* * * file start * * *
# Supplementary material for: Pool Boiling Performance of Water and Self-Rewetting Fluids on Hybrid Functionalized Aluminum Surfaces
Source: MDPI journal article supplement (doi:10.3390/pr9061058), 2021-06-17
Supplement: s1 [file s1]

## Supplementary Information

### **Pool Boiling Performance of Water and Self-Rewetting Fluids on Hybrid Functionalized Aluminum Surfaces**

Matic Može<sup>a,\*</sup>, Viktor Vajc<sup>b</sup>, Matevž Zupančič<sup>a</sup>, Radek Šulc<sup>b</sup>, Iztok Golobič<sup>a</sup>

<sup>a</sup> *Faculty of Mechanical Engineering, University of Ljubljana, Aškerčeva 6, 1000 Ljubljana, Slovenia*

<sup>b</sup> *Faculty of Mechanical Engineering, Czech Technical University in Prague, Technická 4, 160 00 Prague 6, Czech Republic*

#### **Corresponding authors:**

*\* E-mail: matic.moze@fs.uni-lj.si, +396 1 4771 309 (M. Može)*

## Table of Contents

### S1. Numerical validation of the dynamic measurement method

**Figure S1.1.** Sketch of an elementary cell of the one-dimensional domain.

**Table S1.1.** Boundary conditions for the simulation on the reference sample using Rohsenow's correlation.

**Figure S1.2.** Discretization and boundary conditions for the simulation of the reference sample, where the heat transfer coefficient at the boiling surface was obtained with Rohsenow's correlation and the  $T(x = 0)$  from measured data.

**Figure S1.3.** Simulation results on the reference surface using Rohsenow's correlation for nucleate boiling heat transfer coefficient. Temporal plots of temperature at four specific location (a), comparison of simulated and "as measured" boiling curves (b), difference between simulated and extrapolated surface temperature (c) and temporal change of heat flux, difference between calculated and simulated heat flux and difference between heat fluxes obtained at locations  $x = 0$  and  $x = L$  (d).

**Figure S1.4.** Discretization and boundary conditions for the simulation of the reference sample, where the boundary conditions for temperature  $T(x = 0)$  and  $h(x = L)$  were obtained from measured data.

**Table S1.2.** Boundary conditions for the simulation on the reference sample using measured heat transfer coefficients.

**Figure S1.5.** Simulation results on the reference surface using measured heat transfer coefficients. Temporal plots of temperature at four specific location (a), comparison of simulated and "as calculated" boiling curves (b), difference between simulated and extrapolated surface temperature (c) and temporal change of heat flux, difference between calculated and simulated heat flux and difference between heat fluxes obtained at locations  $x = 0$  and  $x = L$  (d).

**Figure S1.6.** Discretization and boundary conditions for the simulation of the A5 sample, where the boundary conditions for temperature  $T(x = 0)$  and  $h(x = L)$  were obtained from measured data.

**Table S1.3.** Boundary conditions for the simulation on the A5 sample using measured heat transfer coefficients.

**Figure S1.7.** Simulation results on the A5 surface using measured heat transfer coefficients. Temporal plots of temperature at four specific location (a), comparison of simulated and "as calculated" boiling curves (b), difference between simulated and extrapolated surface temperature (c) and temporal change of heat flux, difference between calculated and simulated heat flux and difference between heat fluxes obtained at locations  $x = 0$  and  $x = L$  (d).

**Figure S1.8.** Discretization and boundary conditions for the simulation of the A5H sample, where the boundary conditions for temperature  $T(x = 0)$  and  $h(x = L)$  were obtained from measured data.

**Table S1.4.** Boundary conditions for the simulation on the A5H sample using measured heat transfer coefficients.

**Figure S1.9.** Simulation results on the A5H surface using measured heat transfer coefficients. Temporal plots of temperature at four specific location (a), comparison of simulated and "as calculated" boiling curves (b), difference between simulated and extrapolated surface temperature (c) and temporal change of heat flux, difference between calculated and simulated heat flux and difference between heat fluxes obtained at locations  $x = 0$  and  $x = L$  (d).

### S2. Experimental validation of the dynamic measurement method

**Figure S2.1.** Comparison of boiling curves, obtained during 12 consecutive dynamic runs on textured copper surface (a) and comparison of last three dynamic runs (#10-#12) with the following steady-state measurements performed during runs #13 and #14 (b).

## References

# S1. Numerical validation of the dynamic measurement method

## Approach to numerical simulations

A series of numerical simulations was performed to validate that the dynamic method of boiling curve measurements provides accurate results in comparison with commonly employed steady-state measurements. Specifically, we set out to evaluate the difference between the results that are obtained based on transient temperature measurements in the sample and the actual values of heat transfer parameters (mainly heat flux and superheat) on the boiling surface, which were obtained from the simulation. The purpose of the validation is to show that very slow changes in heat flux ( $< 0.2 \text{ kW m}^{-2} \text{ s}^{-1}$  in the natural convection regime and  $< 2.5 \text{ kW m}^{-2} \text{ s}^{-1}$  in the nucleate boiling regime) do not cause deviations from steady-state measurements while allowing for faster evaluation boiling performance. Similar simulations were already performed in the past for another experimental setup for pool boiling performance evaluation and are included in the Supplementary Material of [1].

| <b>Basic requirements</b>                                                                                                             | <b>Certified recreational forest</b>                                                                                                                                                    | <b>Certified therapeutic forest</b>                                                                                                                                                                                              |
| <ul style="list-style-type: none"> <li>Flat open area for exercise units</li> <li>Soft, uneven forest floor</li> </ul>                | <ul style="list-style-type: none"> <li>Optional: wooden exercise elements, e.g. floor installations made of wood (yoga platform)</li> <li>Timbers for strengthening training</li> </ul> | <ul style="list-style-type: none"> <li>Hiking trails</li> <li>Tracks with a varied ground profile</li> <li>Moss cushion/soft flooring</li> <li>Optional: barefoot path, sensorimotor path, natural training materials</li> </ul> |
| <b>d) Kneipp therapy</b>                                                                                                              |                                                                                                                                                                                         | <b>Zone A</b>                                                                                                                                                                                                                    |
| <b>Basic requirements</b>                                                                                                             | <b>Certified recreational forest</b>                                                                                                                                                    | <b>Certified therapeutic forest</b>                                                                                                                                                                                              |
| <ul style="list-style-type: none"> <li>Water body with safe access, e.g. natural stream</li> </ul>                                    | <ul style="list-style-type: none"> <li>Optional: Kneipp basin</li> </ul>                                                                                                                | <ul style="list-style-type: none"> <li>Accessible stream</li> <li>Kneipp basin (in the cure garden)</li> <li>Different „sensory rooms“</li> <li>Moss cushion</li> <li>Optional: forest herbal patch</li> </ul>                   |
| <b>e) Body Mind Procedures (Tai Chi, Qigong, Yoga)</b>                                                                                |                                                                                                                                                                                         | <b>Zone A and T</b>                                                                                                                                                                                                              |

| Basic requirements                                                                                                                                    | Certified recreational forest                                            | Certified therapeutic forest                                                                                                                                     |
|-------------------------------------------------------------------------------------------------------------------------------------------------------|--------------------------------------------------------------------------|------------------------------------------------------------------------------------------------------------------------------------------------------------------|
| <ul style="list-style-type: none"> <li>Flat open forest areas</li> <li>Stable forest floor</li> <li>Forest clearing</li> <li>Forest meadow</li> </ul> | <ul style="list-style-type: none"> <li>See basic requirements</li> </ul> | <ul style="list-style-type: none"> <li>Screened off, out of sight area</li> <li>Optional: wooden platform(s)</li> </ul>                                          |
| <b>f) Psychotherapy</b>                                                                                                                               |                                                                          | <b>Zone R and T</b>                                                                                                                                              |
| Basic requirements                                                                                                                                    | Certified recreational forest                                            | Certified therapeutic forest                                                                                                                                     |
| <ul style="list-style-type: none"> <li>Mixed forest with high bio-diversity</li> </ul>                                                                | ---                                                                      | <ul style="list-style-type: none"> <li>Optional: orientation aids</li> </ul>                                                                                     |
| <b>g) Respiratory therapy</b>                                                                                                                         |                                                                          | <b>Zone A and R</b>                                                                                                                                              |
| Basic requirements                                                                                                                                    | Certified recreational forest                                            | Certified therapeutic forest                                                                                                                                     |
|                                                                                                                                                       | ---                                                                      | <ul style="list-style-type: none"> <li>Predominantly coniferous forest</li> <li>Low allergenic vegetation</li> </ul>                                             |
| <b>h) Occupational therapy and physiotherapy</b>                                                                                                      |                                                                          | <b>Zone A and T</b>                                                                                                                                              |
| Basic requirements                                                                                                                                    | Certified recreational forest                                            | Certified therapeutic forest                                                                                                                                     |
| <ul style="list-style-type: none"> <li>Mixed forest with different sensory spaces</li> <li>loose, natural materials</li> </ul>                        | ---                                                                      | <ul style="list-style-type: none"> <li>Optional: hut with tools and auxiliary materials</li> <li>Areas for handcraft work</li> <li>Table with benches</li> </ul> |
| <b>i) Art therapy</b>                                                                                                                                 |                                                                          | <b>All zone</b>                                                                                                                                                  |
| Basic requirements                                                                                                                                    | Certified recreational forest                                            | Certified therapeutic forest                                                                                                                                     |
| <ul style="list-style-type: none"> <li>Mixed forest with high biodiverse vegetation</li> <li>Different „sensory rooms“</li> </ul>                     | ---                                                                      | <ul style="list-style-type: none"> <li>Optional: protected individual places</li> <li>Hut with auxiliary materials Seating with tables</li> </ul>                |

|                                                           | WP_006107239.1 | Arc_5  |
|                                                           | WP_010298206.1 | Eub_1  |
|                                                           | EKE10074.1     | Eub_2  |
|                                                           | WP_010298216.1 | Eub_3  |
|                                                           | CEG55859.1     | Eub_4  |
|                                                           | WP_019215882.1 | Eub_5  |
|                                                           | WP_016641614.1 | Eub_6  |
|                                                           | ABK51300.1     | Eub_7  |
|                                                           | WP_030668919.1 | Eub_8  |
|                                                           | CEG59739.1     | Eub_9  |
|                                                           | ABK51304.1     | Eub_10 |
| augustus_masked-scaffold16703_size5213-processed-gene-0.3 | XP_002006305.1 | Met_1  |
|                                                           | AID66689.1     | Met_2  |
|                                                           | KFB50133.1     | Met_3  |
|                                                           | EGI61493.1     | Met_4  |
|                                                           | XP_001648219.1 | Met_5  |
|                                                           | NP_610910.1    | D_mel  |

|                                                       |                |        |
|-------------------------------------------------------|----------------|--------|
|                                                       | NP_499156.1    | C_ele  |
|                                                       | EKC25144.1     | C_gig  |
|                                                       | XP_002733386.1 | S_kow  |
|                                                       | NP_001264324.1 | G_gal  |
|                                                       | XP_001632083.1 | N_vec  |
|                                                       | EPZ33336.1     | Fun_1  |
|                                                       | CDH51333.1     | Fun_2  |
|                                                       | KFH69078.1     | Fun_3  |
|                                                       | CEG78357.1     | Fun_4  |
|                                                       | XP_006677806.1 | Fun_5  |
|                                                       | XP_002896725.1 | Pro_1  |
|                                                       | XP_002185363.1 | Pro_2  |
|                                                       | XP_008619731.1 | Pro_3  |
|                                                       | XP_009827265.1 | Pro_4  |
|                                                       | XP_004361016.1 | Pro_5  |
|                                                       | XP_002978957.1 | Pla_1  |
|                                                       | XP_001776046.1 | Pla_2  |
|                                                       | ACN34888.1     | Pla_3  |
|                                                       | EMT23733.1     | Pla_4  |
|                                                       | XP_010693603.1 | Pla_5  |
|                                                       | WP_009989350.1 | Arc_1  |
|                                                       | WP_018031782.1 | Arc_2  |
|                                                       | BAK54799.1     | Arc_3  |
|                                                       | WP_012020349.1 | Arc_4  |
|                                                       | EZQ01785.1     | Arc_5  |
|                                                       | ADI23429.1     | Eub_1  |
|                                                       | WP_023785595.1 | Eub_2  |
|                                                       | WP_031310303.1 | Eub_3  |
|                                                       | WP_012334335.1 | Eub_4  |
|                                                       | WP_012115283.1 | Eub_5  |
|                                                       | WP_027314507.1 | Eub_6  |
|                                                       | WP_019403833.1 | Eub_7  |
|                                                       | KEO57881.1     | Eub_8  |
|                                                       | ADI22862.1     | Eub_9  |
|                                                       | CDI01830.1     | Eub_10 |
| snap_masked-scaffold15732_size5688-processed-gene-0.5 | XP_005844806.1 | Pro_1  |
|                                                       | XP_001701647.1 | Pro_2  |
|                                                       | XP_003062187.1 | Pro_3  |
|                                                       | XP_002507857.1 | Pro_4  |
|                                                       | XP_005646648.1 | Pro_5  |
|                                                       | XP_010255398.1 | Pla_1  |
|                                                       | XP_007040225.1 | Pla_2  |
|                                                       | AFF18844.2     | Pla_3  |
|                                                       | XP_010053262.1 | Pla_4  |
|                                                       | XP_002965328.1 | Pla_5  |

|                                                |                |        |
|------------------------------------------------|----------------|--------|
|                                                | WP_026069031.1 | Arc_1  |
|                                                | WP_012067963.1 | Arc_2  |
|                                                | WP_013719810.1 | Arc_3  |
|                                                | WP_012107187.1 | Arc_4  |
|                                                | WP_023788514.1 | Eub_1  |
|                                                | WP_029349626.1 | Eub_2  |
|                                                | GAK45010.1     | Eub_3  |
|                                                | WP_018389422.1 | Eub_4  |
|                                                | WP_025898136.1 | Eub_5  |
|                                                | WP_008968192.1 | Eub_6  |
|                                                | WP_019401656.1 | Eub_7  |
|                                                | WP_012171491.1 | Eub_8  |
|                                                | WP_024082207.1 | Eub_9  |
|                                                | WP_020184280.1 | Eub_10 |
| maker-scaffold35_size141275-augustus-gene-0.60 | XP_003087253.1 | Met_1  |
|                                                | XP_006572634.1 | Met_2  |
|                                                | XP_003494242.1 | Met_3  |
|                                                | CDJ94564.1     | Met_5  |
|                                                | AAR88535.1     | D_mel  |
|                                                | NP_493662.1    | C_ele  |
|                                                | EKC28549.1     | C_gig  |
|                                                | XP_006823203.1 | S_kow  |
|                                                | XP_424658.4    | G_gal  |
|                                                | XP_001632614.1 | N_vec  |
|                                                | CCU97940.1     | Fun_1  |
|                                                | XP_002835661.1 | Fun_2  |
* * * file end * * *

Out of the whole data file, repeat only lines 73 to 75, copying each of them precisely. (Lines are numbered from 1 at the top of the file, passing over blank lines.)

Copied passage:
|                                                       | EKC25144.1     | C_gig  |
|                                                       | XP_002733386.1 | S_kow  |
|                                                       | NP_001264324.1 | G_gal  |